Comment Re:Tin foil hat time (Score 1) 330

as their assets and paychecks are denominated in DOLLARS as opposed to HOLDINGS

Our paychecks generally rise with or close to Inflation. Our assets comprise of holdings, like houses, cars, etc, and debts, which are denominated in dollars. We benefit when our debts reduce in value.

Very, very, few people have significant numbers of actual dollars just lying around, uninvested. So you're about 100% wrong.

Comment Re:Tin foil hat time (Score 1) 330

The lenders aren't going to withdraw, and there's this little concept called "interest" you appear to be ignoring that serves multiple functions, including handling defaults and encouraging investment.

But in any case, anyone who proposes a particular currency's purpose is to get away from fractional reserve banking doesn't know what FRB is or why it exists. In particular, it serves the opposite function of what you think. Because the alternative to FRB is not 100% backed loans, it's near 0%.

FRB exists because of accounting. If I create a loan for you of $100, I have an agreement that means you'll pay me $100 plus interest, and you have access to $100 that you didn't have before. If I'm a bank, there might even be no money changing hands initially.

That agreement that I hold is worth something. That is to say, I can sell it to someone. Usually it's worth something along the lines of $(1-RISK) * (100 + interest payments). So by loaning you $100, I'm not out $100, in fact, I may be worth more than I was before I made you the loan, even though you haven't paid it yet.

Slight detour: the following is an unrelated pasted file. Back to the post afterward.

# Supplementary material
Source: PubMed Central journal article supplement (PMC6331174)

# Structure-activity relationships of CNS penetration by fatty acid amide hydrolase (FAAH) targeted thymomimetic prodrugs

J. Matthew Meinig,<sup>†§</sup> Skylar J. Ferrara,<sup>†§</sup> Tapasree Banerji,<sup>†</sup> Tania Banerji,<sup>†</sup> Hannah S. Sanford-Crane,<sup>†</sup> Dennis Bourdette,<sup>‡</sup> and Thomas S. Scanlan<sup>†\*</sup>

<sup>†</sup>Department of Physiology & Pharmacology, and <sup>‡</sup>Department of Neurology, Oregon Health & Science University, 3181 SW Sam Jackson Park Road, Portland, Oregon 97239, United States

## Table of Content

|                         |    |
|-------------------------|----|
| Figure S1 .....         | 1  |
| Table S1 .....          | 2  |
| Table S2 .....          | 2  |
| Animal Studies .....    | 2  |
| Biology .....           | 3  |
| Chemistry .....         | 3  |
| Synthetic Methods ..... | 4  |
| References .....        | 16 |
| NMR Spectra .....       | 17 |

You can fight this and say it's not fair, and it's double counting, and all kinds of things, but it's true, objectively true. You made a loan agreement with me, and people are willing to buy that agreement, so the agreement is worth more to me than the cash was, so my net worth immediately increased, rather than decreased, when I lended you cash. There's no getting around that. No system of accounting, economics, or mathematics, will prevent that loan document from being worth money.

The only problem is that sometimes there are bank runs, so we force banks, whose main business is making loans, to have a lot of cash on hand to cover for the fact that most of their value is tied up in IOUs from their debtors. That's called a reserve. And it's a fraction of the reserve needed.